Modern megacities are teeming with closely-spaced tall buildings, which limit air circulation at the pedestrian level. The resultant lack of air circulation creates poorly ventilated areas with accumulated air pollutants and thermal discomfort in the summer. To improve air circulation at the pedestrian level, buildings may be designed to have a ‘lift-up’ shape, in which the main structure is supported by a central core, columns or shear walls. However, a lack of knowledge on the influence of the ‘lift-up’ design on the surrounding wind environment limits the use of ‘lift-up’ buildings. This study aims to investigate the influence of ‘lift-up’ buildings and their dimensions on the pedestrian-level wind environments using wind tunnel tests. A parametric study was undertaken by using 9 ‘lift-up’ building models with different core heights and widths. The results were compared with the surrounding wind environment of a control building with similar dimensions. The results reveal that the ‘lift-up’ core height is the most influential parameter and governs the area and magnitude of high and low wind speed zones around such buildings. Based on wind tunnel test results and a selected comfort criterion, appropriate core dimensions could be selected to have acceptable wind conditions near lift-up buildings.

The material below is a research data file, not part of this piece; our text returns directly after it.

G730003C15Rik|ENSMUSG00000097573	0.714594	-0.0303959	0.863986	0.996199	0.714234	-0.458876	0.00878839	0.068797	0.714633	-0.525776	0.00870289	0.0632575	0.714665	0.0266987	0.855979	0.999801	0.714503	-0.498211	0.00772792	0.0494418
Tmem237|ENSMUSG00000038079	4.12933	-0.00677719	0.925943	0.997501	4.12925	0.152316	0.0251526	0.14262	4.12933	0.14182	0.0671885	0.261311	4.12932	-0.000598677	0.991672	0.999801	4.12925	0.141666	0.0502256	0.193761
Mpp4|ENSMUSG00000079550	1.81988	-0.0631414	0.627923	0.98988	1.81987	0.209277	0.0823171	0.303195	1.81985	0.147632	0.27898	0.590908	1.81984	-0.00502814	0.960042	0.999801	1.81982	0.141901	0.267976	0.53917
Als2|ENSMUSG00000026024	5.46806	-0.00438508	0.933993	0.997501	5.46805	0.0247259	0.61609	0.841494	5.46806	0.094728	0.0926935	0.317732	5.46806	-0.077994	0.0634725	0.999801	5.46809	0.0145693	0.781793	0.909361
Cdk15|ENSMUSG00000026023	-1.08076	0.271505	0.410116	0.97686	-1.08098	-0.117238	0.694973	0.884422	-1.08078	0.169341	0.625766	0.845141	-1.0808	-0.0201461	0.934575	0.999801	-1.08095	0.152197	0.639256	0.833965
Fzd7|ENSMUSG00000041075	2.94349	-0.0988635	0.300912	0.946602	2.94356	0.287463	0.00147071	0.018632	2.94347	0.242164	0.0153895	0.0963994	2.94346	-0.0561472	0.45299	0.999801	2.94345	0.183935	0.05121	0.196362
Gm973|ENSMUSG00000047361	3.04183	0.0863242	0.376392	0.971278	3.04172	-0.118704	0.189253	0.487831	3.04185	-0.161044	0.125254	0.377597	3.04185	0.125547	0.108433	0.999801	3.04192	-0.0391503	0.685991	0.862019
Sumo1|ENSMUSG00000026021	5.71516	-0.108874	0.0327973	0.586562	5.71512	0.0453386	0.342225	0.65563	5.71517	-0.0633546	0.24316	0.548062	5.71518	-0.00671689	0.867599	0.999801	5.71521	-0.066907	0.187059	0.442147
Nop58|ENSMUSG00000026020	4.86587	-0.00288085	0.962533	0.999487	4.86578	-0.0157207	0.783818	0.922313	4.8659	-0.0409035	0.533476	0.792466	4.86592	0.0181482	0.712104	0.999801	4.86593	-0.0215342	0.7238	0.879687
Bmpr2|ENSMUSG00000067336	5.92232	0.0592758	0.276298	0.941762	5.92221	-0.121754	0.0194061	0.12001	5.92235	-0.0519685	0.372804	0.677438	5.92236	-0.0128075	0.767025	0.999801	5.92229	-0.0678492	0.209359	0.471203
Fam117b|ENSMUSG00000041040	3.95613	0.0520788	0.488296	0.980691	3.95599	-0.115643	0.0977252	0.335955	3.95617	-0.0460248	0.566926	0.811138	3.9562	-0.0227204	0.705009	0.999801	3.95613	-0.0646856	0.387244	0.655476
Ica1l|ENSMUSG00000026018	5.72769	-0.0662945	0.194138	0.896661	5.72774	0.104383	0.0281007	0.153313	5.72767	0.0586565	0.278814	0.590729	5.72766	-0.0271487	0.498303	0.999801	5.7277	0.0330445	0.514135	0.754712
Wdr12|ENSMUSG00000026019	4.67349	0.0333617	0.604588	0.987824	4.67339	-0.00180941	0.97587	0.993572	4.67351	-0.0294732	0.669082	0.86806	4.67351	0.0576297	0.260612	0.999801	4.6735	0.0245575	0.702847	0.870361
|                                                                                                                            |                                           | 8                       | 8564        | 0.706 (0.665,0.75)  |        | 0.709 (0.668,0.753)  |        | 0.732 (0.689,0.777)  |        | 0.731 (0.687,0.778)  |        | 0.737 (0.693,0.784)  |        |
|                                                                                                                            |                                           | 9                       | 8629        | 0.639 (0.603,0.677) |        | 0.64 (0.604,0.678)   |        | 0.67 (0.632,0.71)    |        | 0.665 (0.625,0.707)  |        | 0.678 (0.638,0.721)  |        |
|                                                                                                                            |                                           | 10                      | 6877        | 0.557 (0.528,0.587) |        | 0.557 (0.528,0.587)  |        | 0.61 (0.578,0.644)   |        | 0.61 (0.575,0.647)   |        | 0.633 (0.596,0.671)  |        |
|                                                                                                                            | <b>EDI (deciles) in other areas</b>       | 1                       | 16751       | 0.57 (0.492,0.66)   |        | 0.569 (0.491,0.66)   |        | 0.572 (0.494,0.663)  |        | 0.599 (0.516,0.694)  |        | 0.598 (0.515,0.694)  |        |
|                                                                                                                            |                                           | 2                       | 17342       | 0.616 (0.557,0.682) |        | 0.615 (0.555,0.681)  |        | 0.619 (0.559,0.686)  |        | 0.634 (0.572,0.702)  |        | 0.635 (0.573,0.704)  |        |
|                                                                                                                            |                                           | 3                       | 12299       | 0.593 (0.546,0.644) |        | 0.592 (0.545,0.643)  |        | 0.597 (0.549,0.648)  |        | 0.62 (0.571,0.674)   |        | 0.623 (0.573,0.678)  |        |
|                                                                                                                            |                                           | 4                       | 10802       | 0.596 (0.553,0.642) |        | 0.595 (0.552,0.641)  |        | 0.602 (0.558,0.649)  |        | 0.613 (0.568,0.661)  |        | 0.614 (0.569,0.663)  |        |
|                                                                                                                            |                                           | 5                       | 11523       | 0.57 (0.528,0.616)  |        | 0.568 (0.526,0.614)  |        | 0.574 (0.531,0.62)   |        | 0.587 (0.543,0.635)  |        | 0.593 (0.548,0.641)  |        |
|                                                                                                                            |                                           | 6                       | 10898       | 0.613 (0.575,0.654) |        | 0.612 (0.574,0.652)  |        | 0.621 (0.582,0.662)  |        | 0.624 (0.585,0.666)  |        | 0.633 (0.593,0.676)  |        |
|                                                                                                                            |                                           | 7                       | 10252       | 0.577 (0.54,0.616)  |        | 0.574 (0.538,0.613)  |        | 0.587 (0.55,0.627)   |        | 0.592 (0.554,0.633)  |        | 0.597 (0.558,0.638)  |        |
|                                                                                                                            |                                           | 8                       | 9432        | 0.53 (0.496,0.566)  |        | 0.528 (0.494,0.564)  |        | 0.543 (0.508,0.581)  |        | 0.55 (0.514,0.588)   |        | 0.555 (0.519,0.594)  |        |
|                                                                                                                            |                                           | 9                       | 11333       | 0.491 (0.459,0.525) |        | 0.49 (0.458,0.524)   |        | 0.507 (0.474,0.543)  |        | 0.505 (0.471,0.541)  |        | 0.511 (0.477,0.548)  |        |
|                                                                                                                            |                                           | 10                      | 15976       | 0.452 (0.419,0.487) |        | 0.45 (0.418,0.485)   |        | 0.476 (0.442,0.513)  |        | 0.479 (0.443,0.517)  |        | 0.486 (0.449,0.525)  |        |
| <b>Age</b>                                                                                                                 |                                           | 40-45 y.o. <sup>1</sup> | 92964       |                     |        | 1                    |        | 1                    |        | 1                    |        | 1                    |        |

- Building dimensions
- Pedestrian-level wind environment
- Wind tunnel test
- ‘Lift-up’ building
- ‘Lift-up’ core dimensions